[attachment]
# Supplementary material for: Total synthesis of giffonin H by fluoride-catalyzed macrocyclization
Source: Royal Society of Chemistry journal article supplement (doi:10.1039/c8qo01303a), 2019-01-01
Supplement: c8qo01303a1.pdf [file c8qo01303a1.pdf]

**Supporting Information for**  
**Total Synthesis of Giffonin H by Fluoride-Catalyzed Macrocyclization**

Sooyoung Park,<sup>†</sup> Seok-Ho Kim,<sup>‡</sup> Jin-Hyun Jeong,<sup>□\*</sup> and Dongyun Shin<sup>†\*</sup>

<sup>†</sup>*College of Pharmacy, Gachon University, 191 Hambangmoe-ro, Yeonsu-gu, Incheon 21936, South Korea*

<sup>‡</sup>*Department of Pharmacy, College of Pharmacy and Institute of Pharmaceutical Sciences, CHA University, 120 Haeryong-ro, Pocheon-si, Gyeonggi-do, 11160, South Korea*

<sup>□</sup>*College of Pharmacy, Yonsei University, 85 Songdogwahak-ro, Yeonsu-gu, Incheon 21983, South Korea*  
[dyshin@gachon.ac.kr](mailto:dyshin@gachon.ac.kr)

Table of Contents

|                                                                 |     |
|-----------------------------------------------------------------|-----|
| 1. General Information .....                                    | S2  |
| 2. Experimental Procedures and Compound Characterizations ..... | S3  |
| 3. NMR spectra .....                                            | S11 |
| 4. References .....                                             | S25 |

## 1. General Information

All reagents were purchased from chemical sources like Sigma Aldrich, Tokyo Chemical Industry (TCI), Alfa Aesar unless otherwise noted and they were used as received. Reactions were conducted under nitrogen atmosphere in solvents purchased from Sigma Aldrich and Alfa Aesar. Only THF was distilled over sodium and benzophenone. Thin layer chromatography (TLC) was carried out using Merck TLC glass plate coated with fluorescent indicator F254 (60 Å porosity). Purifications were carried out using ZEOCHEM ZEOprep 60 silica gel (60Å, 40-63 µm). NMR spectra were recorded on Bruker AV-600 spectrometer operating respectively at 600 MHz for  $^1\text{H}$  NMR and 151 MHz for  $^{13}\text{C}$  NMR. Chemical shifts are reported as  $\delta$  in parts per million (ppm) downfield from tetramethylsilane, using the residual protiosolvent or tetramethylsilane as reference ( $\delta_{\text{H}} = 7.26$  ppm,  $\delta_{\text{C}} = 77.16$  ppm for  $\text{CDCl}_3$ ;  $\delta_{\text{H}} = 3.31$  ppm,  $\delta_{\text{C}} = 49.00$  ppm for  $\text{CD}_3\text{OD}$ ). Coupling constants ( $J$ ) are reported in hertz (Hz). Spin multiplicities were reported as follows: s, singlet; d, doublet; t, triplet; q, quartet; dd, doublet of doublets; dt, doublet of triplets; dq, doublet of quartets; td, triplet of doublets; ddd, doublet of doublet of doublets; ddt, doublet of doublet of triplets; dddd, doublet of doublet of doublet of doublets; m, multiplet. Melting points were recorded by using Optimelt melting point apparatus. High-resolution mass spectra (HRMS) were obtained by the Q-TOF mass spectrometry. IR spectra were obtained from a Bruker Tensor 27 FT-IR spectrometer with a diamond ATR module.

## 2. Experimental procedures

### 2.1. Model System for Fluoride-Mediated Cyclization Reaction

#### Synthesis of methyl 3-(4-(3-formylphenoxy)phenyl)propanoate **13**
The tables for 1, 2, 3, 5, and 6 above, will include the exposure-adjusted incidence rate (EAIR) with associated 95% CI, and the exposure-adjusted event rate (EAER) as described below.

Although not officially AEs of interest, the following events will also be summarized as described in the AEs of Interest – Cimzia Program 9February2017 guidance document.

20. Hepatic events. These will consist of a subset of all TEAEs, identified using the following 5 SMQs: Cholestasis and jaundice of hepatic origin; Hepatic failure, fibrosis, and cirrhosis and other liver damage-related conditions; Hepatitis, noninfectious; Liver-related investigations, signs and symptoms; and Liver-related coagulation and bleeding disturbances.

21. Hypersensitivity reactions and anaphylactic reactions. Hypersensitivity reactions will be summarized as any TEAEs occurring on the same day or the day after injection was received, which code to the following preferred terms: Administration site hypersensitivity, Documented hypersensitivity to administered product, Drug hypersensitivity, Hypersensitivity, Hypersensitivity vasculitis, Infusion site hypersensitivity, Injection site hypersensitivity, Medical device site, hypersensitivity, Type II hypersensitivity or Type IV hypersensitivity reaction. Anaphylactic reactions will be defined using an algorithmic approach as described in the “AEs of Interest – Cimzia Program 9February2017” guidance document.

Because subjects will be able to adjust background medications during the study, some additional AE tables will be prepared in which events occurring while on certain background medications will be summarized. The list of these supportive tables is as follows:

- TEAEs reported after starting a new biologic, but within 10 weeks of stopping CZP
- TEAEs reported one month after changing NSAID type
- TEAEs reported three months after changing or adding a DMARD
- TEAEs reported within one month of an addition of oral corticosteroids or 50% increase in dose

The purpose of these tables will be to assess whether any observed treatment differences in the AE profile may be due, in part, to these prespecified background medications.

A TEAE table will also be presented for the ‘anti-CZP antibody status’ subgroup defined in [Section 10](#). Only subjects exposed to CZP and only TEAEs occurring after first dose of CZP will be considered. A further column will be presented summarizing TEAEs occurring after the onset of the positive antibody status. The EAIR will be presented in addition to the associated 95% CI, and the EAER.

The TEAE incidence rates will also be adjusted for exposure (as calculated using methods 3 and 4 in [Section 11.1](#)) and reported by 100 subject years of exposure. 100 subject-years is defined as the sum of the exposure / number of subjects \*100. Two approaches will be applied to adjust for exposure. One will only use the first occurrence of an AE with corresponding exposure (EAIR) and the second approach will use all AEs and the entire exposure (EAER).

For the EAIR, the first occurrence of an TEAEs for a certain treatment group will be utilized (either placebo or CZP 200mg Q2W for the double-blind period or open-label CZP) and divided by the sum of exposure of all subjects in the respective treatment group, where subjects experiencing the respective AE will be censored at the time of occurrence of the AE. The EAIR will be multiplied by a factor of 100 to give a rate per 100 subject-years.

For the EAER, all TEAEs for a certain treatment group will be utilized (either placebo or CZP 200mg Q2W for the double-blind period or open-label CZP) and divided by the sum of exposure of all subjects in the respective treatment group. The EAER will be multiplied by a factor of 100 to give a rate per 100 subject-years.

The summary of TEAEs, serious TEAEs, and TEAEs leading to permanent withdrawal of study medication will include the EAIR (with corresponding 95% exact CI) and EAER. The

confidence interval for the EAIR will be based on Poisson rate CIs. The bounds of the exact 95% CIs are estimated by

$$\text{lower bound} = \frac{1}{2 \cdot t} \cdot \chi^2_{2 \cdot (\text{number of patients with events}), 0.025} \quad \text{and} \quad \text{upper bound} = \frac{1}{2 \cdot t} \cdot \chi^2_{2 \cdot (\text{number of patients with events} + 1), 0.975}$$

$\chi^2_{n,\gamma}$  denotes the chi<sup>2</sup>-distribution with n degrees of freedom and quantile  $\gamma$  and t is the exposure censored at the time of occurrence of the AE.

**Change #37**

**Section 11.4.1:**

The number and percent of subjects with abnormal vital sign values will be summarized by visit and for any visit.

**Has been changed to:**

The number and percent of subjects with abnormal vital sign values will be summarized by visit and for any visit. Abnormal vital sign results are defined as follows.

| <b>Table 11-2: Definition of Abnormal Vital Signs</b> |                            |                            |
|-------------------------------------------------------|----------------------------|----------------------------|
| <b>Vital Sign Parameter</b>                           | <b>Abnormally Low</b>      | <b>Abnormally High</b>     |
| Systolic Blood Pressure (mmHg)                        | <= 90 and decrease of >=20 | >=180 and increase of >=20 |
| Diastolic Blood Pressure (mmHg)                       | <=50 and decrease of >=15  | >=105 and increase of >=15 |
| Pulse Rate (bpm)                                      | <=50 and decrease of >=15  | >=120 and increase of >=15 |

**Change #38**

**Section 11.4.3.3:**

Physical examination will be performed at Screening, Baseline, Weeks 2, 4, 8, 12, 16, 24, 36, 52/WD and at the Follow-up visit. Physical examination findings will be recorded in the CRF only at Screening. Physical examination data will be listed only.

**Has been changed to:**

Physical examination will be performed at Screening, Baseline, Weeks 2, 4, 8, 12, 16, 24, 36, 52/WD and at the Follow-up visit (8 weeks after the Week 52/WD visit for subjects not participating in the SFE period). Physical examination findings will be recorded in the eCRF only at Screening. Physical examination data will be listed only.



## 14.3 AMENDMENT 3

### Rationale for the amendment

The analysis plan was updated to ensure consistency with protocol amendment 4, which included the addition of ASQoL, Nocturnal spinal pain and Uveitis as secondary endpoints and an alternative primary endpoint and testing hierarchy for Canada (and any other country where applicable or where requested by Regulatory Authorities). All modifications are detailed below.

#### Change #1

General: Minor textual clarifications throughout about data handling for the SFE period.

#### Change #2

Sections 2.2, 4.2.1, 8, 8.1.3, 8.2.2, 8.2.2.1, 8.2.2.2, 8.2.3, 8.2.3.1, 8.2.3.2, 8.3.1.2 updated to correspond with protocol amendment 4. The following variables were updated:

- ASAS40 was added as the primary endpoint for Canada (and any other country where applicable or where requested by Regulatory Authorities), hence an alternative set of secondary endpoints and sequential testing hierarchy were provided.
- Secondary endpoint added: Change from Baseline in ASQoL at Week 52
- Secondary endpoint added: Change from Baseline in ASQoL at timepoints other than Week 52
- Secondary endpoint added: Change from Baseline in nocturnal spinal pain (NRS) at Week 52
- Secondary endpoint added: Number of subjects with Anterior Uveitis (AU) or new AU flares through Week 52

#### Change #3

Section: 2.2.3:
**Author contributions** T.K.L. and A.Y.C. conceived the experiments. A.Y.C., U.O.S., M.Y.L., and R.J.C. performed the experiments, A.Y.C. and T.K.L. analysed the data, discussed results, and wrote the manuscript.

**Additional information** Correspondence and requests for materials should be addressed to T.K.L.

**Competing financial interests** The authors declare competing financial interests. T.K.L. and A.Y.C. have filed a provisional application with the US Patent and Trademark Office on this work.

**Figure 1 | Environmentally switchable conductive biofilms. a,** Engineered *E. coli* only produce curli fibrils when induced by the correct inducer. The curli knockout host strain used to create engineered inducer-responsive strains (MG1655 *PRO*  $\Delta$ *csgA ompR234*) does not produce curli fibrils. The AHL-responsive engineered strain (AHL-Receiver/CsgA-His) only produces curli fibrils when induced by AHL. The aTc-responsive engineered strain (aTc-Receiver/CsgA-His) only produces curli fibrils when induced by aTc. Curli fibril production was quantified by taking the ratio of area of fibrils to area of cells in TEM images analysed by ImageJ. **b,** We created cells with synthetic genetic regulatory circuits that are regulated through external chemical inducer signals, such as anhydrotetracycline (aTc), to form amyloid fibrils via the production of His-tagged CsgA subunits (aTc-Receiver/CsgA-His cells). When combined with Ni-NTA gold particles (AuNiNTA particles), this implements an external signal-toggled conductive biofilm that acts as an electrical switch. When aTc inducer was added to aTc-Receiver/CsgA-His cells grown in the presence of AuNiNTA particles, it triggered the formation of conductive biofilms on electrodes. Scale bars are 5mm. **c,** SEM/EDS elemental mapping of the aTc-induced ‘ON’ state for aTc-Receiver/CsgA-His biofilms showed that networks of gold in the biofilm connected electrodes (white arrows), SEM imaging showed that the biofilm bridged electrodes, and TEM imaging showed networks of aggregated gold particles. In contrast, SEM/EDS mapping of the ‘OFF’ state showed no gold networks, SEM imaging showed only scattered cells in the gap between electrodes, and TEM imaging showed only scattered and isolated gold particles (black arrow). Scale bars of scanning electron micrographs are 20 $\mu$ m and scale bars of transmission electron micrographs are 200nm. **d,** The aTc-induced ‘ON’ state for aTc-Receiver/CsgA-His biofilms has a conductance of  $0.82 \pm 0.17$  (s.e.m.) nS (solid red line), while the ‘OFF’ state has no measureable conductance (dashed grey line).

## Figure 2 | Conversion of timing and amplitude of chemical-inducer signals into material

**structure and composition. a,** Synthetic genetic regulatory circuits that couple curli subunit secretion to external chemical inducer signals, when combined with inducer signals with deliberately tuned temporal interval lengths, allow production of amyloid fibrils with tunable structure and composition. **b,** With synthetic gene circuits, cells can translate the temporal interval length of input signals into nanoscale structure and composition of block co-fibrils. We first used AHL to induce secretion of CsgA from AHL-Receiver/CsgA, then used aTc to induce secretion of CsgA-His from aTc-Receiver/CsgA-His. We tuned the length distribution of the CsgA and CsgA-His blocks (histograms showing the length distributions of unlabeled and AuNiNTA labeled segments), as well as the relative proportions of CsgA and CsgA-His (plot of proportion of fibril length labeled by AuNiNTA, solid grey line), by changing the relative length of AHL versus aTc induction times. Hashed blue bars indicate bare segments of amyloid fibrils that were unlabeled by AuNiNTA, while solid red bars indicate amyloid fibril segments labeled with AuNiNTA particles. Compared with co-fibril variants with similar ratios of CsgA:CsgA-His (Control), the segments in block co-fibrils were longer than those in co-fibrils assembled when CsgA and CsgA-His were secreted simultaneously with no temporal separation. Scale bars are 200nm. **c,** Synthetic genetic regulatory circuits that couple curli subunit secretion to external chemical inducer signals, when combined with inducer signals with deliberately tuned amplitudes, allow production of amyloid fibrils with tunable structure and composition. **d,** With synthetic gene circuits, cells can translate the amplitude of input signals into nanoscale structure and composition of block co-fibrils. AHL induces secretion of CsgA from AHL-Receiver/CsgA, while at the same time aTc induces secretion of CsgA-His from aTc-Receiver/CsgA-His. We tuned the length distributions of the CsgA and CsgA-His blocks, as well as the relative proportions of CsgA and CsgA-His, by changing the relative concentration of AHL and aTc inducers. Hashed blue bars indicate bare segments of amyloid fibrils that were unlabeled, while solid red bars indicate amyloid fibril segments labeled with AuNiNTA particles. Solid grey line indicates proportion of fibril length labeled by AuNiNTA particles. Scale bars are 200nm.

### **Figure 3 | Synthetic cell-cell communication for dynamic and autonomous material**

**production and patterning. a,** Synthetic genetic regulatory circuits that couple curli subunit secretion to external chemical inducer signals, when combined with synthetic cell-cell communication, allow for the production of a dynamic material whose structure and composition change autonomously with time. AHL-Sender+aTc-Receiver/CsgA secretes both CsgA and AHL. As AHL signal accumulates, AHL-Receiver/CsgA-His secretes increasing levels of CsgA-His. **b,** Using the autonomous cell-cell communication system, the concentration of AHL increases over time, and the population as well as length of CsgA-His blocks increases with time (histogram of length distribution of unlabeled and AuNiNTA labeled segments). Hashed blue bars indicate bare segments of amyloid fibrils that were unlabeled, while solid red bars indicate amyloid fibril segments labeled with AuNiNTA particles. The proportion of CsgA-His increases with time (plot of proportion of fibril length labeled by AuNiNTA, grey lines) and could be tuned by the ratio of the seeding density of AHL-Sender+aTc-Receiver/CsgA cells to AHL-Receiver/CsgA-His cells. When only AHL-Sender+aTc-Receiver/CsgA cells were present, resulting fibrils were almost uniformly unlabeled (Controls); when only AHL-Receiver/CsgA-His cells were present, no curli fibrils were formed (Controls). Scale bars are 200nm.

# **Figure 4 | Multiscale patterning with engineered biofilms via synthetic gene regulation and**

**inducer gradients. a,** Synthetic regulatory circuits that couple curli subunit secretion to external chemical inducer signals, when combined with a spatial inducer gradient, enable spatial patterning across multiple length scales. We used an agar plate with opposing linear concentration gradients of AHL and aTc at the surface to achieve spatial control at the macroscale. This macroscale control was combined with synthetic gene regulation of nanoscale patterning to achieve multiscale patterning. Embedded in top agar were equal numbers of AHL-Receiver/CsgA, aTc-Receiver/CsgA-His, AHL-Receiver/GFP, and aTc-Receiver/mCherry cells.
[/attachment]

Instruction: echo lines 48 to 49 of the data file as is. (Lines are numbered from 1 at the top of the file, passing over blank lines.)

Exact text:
| <b>Vital Sign Parameter</b>                           | <b>Abnormally Low</b>      | <b>Abnormally High</b>     |
| Systolic Blood Pressure (mmHg)                        | <= 90 and decrease of >=20 | >=180 and increase of >=20 |